A response to vaccine safety: National Childhood Vaccine Injury Act

At some point, almost every person in the United States is vaccinated. Therefore, many individuals question how vaccines are made, if they are effective, and whether they are safe.

The topic of vaccine safety became prominent during the mid 1970’s with increases in lawsuits filed on behalf of those presumably injured by the diphtheria, pertussis, tetanus (DPT) vaccine. Manufacturers were getting concerned due the increasing number of lawsuits against them, and called on Congress to act. In order to reduce liability and respond to public health concerns, Congress passed the National Childhood Vaccine Injury Act (NCVIA) in 1986. This act was influential in many ways.

The NCVIA requires all health care providers who administer vaccines containing diphtheria, tetanus, pertussis, polio, measles, mumps, rubella, hepatitis B, Haemophilus influenzae type b and varicella to provide a vaccine information statement (VIS) to the vaccine recipient, or his or her parent or legal guardian, prior to each dose. A VIS must be given with every vaccination including each dose in a multi-dose series. Each VIS contains a brief description of the disease as well as the risks and benefits of the vaccine.

The NCVIA also requires health care providers to report certain adverse events that occur following vaccination. As a result, the Vaccine Adverse Event Reporting System (VAERS) was established by CDC and FDA in 1990. VAERS is a surveillance system to monitor the adverse effects of vaccines. Rare side effects and delayed reactions may not be evident until the vaccine is administered to millions of people, and therefore possibly does not show up in initial trials when only hundreds to thousands of people are tested.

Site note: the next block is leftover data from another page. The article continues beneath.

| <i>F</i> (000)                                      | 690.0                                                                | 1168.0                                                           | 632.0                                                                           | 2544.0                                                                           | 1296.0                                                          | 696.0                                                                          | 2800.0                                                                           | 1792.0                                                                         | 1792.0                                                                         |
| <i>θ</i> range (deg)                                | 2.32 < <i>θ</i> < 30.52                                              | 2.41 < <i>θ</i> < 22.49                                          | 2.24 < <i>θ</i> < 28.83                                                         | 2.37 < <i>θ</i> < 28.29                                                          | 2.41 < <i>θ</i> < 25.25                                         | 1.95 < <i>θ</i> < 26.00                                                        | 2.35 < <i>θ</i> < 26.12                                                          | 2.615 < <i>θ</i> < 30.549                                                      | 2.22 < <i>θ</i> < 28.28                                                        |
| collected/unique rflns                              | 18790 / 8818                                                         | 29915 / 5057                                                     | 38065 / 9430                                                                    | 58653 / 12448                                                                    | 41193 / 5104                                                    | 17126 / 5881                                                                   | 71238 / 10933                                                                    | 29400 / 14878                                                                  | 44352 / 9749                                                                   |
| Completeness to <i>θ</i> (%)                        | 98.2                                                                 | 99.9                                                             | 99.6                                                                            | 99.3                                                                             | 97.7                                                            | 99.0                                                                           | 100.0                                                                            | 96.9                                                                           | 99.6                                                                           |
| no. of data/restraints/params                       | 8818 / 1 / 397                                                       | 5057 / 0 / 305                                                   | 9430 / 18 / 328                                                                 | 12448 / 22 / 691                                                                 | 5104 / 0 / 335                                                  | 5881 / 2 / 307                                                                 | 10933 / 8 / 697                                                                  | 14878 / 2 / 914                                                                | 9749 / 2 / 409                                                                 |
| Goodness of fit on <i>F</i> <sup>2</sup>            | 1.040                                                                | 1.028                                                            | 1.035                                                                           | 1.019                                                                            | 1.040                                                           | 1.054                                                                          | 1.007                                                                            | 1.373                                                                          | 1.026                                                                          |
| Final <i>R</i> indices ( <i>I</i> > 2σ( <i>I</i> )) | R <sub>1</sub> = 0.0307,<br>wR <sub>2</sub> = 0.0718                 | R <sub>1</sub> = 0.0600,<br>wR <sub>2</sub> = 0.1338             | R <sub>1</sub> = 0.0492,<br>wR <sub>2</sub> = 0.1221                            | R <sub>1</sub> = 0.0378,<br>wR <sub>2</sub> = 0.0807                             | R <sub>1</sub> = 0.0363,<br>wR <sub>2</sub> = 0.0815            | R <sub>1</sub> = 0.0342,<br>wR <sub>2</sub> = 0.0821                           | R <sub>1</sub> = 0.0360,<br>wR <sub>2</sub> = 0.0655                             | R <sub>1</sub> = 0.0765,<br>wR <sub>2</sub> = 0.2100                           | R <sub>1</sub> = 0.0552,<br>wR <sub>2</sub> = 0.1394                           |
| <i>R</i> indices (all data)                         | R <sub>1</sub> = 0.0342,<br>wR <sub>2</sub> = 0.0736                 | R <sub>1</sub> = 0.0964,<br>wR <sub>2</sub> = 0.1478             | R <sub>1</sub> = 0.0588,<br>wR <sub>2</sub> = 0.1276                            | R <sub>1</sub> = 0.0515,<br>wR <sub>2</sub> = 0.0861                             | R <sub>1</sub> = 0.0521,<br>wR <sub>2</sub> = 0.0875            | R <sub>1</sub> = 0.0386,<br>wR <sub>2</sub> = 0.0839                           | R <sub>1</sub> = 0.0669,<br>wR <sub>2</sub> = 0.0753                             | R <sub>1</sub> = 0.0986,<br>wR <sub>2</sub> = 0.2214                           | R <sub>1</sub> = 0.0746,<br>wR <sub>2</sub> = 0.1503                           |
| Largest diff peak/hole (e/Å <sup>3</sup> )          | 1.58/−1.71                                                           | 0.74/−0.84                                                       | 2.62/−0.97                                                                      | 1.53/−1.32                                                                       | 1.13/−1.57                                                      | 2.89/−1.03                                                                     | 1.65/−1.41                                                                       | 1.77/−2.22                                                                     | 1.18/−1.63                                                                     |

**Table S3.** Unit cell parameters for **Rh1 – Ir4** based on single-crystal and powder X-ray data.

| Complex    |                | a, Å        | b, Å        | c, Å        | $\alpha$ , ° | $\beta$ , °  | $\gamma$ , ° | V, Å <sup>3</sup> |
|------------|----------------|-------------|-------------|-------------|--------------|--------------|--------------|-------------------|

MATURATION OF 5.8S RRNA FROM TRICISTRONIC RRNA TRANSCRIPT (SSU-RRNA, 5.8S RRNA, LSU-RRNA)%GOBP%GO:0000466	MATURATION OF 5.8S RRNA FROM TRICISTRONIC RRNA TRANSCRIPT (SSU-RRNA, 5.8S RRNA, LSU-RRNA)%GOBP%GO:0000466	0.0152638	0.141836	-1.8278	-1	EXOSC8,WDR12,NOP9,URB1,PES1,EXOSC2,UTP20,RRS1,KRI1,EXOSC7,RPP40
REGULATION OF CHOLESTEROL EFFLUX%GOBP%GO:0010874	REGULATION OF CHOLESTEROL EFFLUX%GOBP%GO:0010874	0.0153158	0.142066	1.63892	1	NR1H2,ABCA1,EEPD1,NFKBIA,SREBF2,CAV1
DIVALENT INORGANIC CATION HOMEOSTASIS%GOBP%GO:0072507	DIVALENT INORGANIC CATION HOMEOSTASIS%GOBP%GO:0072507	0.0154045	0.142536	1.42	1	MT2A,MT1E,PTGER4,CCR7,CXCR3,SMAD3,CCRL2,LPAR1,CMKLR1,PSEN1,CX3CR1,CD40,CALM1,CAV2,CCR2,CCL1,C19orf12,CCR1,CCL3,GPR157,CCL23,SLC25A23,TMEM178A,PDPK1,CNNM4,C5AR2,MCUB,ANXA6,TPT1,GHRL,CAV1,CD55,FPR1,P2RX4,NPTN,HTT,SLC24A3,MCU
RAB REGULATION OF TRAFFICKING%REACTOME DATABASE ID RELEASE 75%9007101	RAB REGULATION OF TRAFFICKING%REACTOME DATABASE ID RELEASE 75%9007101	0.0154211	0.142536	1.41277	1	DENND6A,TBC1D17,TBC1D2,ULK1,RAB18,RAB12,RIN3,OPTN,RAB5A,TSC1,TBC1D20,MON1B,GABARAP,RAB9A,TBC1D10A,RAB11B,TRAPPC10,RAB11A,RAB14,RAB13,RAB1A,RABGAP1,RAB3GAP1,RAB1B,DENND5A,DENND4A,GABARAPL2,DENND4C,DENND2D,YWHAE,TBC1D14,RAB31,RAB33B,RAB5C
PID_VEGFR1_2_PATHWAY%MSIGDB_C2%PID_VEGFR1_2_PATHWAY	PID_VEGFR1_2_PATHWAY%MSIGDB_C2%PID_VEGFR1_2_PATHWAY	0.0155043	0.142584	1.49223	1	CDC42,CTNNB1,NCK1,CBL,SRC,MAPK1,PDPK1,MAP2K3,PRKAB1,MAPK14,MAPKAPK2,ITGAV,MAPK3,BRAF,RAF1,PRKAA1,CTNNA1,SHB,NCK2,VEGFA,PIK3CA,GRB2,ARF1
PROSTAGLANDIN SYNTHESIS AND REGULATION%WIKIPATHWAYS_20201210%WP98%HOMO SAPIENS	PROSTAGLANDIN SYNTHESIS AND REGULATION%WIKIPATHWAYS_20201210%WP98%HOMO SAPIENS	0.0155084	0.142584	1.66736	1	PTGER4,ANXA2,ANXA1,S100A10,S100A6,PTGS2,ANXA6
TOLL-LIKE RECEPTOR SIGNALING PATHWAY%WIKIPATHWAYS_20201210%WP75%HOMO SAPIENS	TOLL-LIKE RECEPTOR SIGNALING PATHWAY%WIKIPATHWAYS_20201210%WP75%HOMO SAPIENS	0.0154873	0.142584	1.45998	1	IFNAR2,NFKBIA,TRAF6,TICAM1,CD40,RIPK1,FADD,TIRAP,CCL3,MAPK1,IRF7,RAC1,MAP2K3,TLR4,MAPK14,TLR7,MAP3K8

To reduce the liability of manufacturers and health care providers, under the NCVIA, the National Vaccine Injury Compensation Program (NVICP) was also created to compensate those injured by vaccines on a “no fault” basis. The program covers all routinely recommended childhood vaccinations. Settlements are based on a Vaccine Injury Table, which summarizes the adverse events caused by vaccines.

The NCVIA also established a committee from the Institute of Medicine (IOM) to review the literature on vaccine side effects. This group concluded that there are limitations in our knowledge of the risks associated with vaccines. Specifically, the IOM identified the following problems: limited understanding of biological processes that underlie adverse events, incomplete and inconsistent information from individual reports, poorly constructed research studies (not enough people enrolled for the period of time), inadequate systems to track vaccine side effects, and few experimental studies published in the medical literature. Significant progress has been made over the past few years to monitor side effects and conduct research relevant to vaccine safety.

The CDC would also like the public to know that before vaccines are even licensed by the FDA, they are tested extensively in the laboratory and with human subjects to ensure their safety. Vaccine licensing is a lengthy process that may take 10 years or longer. The FDA requires that vaccines undergo three phases of clinical trials with human subjects before they can be licensed for use in the general public. After a vaccine is licensed for public use, its safety is monitored continually.

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